Rob Abercrombie, Edinburgh
Is this a case of "iPod, therefore I am"?
Simon Harris, Great Malvern, England
Vinyl is not dead, I collect many records and prefer them to CDs and Digital. AS a 19 year old i can see that many people may not understand the fact that with vinyl you have something physical in your hand rather than a digital track. Digital for out and about Vinyl for at home, thats my motto
My teenage nieces and their friends are all avid collectors of vinyl. It's the 'in-thing' at the moment in their (quite extensive) circle of acquaintances. Although I must say, they aren't collecting the sort of music that Pete Tong would play - these are all rock/goth/skateboarder kids trying to track down Ramones 7" singles and similar.
Jo, Birmingham, UK
I'm sick of these "vinyl purists" who insist it provides a better sound. Records sound rubbish, scratch easily, are bulky and you can't play them in the car or on the move. No wonder todays 18 year olds don't bother with vinyl.
Iain Murray, Edinburgh
I have a small collection of vinyl records - including some white, blue and green vinyl and a couple of picture disks. They had sat unplayed for quite a long while until recently I downloaded Audacity and used it to transfer some of the tracks to my iPod.
Nick Caulfield, Egham UK
Strange, no mention of minidiscs. They are a much better format than any of the other digital systems. They are portable, recordable anywhere (just like a tape cassette) and can carry four hours of recording. Best of all you're not over-loaded with stuff because in that four hours you can catalogue and manage your recordings. Try doing that with forty hours of recordings. Need more than four hours? Then carry a couple of spare discs.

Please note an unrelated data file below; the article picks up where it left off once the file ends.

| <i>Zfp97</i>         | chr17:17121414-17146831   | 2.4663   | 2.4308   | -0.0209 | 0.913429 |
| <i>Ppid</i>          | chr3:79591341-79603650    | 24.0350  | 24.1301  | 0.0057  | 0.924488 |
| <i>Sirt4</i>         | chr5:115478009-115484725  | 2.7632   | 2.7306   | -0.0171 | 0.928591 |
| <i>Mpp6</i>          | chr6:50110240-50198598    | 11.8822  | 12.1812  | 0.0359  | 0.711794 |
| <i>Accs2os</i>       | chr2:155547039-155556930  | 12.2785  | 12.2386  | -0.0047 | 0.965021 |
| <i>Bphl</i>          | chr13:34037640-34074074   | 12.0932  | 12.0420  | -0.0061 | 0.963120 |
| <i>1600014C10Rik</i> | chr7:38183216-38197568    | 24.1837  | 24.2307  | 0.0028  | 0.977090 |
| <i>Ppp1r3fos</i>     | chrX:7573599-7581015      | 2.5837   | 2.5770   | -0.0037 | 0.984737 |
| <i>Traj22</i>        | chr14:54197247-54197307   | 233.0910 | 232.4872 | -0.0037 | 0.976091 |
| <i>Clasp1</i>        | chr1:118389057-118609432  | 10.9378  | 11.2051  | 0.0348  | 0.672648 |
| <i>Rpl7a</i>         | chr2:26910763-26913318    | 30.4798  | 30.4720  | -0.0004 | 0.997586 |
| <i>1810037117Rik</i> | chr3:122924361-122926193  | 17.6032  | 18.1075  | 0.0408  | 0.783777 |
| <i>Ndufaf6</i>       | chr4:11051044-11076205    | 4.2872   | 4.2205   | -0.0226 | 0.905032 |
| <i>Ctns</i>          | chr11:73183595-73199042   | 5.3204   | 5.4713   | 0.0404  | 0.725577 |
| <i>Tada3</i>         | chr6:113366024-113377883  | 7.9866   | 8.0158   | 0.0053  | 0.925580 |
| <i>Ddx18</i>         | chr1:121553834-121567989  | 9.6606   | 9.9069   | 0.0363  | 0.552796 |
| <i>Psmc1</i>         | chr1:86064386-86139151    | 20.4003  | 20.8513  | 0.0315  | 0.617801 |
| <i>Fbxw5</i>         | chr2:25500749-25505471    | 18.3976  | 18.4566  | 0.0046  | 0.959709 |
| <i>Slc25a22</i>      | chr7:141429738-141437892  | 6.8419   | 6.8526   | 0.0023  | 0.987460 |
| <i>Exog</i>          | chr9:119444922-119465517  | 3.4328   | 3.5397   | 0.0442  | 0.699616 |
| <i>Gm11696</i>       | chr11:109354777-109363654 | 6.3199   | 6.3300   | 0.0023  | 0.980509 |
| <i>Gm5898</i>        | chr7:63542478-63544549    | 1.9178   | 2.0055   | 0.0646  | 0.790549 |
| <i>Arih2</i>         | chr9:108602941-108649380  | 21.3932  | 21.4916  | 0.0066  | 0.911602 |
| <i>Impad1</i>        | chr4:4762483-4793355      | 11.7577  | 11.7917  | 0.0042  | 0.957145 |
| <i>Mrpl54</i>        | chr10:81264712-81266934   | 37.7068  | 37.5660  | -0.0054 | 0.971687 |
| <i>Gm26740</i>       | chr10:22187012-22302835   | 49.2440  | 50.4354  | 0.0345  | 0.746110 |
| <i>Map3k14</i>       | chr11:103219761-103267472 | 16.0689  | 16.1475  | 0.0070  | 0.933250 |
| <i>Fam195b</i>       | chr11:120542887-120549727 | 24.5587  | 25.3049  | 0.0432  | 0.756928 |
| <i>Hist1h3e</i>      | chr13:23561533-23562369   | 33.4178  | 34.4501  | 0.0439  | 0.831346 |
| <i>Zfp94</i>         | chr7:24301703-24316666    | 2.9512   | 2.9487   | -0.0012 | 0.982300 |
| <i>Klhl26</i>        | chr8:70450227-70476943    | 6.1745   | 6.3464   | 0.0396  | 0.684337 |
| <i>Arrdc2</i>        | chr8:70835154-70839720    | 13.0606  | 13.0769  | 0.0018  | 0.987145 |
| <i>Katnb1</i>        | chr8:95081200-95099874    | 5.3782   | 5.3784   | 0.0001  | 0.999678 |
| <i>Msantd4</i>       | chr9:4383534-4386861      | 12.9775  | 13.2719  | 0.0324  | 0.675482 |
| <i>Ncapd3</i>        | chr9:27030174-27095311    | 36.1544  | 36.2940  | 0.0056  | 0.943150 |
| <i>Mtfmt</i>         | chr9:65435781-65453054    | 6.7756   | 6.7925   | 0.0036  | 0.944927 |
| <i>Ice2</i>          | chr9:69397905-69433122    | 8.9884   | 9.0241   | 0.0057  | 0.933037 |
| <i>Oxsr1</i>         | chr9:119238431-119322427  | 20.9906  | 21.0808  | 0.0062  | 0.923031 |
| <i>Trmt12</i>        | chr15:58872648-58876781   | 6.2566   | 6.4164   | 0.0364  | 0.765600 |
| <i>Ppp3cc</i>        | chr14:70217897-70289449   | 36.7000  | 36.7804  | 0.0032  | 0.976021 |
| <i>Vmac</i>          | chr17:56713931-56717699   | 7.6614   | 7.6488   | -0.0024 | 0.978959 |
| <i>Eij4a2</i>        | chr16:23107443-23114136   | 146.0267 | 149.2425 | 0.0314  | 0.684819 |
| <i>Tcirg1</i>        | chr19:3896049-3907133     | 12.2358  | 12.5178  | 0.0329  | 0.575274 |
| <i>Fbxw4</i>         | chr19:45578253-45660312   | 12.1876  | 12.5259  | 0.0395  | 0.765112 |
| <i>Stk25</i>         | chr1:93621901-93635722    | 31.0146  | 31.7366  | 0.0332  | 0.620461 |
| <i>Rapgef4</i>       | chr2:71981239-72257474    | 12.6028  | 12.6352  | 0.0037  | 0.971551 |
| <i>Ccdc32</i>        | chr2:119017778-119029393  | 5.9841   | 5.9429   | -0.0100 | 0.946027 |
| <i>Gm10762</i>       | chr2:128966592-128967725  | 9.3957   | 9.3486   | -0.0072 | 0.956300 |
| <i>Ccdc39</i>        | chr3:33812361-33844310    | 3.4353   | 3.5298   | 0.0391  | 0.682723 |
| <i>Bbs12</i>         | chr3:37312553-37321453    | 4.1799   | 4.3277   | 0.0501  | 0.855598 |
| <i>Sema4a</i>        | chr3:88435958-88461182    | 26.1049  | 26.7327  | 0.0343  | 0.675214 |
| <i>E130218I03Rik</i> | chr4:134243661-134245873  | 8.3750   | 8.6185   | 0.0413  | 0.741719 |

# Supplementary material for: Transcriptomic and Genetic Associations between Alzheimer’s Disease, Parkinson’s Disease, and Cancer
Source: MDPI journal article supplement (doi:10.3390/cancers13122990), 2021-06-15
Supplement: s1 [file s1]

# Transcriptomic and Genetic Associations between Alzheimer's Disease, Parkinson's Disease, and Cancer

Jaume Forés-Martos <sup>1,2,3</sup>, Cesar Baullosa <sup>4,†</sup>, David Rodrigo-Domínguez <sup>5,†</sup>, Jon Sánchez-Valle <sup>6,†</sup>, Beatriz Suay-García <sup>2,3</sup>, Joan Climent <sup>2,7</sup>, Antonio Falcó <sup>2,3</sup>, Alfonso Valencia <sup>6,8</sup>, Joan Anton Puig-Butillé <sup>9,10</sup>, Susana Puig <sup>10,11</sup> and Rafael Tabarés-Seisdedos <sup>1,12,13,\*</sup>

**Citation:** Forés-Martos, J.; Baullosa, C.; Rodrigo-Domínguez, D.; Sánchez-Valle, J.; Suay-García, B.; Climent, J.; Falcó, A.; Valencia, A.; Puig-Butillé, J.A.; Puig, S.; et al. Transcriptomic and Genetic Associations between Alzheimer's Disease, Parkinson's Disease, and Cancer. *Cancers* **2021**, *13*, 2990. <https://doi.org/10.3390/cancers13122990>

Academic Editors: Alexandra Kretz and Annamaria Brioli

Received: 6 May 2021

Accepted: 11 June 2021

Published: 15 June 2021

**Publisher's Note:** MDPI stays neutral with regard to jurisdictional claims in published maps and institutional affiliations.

ian m parr, Whitchurch, Shropshire
What rubbish! Of course young people have seen records. The people who love music the most will actually own records as they are made to be collectors items. From indie to garage, the records are being made and are being sold in major shops such as HMV. I think it's more a case of young people having low memory spans (i.e. they cannot remember having seen a record even though they have!) - from a young person.
The only way to have 'never seen' any vinyl would be to have never been into an HMV or virgin megastore, since the vinyl display in there is usually pretty obvious and near the checkout.
Thomas Bloxham, Birmingham
The point is sound, wind up my Planar 3, turn on my Cambridge amps and Dark Side of the Moon, it just doesn't get better, you can keep your CD's, MP3's, WAV and whatever else. VINYL LIVES!
Jonathan Madden, Esbjerg, Denmark